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ALPS Mountaineering Tasmanian 2

rated 4.5 of 5 stars
photo: ALPS Mountaineering Tasmanian 2 four-season tent

Well made, good quality for the price, but those tent poles need a rethink.


  • Well made
  • Bomb proof


  • Poles make setup a pain in the wind.

I bought this tent from the REI outlet online (now "the garage"). I actually got this tent sort of accidentally. I already had a four-season, three-person tent, which is an REI Mountain 3. My Kelty Flight 2 finally died and I was looking for a replacement. REI advertised this as a three-season tent rather than a four-season and put it on a pretty nice sale, so I grabbed it. I was pleasantly surprised upon actually getting it.

As soon as I got this thing I set it up in the yard for practice and also to let it air out. Wouldn't you know it, a storm blew in about 30 minutes later so it got tested the first day it was in my possession.

Size: This tent is pretty darn large for what it is. Much larger than my REI Mountain 3 in terms of height. The vestibules are comparatively huge. There's no need to get on your hands and knees to get into the tent the way there is with the REI tent.

For comparison's sake the Mountain 3 is 42.4 square feet inside with 13.5 square feet of vestibule space. The Tasmanian is 43.5 square feet inside with 21 square feet of vestibule space. That might not seem like a big difference, but with the height difference the Tasmanian feels much larger and is easier to move around inside of.

I've slept three people and a 100lb dog in the Mountain 3 or two people with two dogs 80-100 lbs each with no problem. This tent would be even easier.

Rain/Wind: This tent stood up well to a storm that was driving rain sideways and packing 40mph winds. It wasn't in a super exposed area, but it did very well. I cannot comment on standing water but most people go out of their way to avoid pitching their tent in places that would have standing water. As for snow, it does well.

Weight: Like the Mountain 3 this is a pretty serious tent. If you're using it in the winter, you'll appreciate what you've got. If you don't really intend to do any winter camping, get a three-season tent. That four-season awesomeness comes at a cost in terms of weight.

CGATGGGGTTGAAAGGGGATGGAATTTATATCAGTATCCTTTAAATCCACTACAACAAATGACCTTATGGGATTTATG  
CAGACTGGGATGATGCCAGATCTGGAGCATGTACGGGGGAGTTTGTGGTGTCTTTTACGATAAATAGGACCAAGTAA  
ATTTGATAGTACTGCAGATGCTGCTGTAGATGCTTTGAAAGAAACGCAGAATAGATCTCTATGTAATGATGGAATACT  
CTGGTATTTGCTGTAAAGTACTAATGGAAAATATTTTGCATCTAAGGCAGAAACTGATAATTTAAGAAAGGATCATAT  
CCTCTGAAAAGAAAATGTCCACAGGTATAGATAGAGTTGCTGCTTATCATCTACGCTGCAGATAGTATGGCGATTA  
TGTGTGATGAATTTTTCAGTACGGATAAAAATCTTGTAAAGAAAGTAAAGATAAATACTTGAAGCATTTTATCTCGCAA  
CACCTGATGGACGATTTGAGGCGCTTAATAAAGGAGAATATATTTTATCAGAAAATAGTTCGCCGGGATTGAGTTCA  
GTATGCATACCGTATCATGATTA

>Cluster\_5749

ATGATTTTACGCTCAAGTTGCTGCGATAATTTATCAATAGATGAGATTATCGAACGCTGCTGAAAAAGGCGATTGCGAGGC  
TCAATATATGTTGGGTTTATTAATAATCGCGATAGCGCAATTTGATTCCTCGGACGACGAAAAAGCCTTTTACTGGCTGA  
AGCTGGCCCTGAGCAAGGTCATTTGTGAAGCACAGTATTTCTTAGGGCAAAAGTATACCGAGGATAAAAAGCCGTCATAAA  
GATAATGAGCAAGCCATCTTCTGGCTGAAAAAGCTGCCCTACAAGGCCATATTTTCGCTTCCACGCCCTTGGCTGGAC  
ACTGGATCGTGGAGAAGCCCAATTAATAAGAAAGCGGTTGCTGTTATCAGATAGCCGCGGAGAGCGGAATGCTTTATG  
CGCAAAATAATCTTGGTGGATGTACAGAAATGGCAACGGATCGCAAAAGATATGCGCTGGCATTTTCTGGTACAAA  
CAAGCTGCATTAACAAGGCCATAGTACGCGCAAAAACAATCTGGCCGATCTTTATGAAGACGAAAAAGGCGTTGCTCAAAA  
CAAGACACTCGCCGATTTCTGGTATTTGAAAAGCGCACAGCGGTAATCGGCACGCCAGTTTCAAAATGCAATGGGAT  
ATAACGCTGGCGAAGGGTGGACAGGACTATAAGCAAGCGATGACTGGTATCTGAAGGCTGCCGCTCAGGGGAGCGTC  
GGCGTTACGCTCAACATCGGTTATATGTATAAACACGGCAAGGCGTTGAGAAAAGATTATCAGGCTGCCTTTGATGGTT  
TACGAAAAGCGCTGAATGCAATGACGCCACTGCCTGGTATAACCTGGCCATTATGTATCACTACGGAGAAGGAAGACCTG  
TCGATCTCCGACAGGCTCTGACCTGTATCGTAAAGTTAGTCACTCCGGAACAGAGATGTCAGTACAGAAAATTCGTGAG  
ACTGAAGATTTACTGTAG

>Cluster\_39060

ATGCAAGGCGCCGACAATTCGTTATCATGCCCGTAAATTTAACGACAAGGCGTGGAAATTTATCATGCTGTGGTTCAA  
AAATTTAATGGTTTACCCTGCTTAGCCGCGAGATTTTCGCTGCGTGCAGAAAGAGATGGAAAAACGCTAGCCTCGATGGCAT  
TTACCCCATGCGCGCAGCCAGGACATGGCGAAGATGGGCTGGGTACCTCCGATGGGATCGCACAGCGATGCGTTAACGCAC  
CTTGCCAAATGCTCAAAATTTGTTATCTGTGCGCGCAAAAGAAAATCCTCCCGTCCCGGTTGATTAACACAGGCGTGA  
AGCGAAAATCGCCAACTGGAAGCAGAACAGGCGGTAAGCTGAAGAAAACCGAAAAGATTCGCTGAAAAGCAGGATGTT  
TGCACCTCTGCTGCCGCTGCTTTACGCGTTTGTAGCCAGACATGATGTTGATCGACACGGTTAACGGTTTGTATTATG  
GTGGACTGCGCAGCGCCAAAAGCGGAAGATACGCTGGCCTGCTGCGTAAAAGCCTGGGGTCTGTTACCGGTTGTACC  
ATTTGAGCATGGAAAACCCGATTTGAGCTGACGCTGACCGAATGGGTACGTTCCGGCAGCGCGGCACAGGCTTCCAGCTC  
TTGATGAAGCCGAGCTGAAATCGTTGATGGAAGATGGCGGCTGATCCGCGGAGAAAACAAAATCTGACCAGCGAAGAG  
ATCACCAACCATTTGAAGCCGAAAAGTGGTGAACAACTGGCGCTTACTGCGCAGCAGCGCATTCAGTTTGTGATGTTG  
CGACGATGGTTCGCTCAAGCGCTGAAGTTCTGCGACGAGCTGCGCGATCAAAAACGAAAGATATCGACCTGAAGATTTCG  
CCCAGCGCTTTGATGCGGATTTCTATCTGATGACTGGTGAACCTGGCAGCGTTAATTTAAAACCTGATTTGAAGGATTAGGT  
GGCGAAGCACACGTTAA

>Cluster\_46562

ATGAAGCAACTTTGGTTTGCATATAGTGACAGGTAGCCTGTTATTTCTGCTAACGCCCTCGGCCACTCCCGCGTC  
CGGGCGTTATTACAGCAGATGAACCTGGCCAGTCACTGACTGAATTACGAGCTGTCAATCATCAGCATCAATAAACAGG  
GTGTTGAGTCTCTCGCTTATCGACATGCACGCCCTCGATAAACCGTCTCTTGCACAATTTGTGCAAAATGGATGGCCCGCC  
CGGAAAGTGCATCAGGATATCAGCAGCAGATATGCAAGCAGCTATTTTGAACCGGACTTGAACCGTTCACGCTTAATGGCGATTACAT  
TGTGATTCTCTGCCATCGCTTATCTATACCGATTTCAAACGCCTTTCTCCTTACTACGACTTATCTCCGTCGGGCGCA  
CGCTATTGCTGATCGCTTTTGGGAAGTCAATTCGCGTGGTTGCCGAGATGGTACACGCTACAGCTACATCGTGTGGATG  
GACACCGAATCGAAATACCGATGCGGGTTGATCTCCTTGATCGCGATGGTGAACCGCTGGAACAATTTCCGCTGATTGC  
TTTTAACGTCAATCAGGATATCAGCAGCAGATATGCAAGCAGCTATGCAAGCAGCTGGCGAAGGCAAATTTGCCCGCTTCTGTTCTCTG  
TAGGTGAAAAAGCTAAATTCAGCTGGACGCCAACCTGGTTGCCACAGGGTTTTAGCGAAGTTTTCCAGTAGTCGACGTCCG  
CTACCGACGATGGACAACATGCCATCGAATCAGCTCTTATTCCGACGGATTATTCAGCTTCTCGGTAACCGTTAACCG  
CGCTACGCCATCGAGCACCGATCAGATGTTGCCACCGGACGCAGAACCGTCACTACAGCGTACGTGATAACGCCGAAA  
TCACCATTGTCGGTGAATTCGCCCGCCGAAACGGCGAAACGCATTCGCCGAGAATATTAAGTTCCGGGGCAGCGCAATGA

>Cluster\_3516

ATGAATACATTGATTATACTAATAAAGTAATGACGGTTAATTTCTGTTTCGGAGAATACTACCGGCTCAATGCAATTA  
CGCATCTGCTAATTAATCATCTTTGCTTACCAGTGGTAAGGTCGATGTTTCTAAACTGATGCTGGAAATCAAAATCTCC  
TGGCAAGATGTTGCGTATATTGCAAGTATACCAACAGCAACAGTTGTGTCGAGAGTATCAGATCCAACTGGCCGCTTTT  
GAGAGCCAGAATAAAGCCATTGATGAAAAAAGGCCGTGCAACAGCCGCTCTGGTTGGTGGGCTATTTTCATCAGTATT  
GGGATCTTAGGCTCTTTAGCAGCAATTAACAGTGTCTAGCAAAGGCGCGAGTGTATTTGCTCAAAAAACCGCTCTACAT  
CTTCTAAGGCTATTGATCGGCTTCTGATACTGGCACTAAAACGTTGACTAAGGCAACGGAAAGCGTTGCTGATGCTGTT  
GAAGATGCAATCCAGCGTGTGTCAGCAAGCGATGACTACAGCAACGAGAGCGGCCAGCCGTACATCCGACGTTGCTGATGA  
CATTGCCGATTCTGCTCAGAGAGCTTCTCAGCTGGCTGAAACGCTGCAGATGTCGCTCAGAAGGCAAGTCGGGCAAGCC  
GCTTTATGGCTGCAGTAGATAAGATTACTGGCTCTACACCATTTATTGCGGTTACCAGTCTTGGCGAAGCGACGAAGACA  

A serious winter storm-proof tent is not going to come in at the weight of an ultra-lite backpacking tent. The Mountain 3 weighed in at 8lbs 13 oz while the Tasmanian comes in at 8lbs 10oz.

Poles: The tent itself uses an ingenious double Y poll system that is both easy to setup and intuitive even if you've never set up a tent before. The rainfly on the other hand is a different story. Both poles for it must be threaded through sleeves in the underside of the fly. This means two things: you'll want to pack your tent accordingly and be aware that setting this thing up by yourself in the wind is going to be a serious challenge.

The top clip on the tent which links the main pole set to the cross pole is kind of a pain when it's new. It locks like a cheap carabiner so it must be squeezed to allow it to open/close to the locked position. Not a huge deal to me, but doing it for the first time in the dark or trying to deal with it in the wind while not stepping all over your tent could be an issue. Try it out before you end up in the boonies with a storm bearing down on you.

Rainfly: Once the poles are in it it's pretty nice, though it does have to be turned over to attach to the tent. ALPS really needs to rethink the way they attach the fly to the poles. The way it attaches to the actual tent with clips is quite nice. It's a welcome change from having to attach them to my pole ends with the Mountain 3.

Guy outs: This tent has six guy outs, three per side. I feel it could use another two to four guy outs on the fly. My Mountain 3 has four per side plus a few more on the ends. When that tent is guyed out properly you feel like you're in a bomb shelter.

Floor: Like nearly all tents, it doesn't come with a footprint but they're $20. I'd buy one and use it. It's far better to ruin a $20 footprint than rip/cut/poke a hole in the floor of your tent.

Inside: This tent has a lot of storage pockets and a gear loft. The Mountain 3 has a gear loft and a few pockets. If you want more you can buy ones that clip into the inside of the tent. No need for such an extra expense with the Tasmanian.

With this tent, if you don't have enough pockets you have too much gear! On top of that the height inside makes the tent more comfortable to move around in and makes it feel a heck of a lot bigger. While the floor space may not be much larger than the Mountain 3 the inside FEELS like it's a lot bigger (because in cubic feet it is).

Overall/Comparison: Great tent. The only downfalls I would give it are a lack of guylines and its height. While use has shown it has enough guylines I still wish it had more in strategic locations. The tent's height makes it more comfortable, but also initially made me nervous about how well it would do in high winds during a serious storm. These concerns have proven to be unfounded.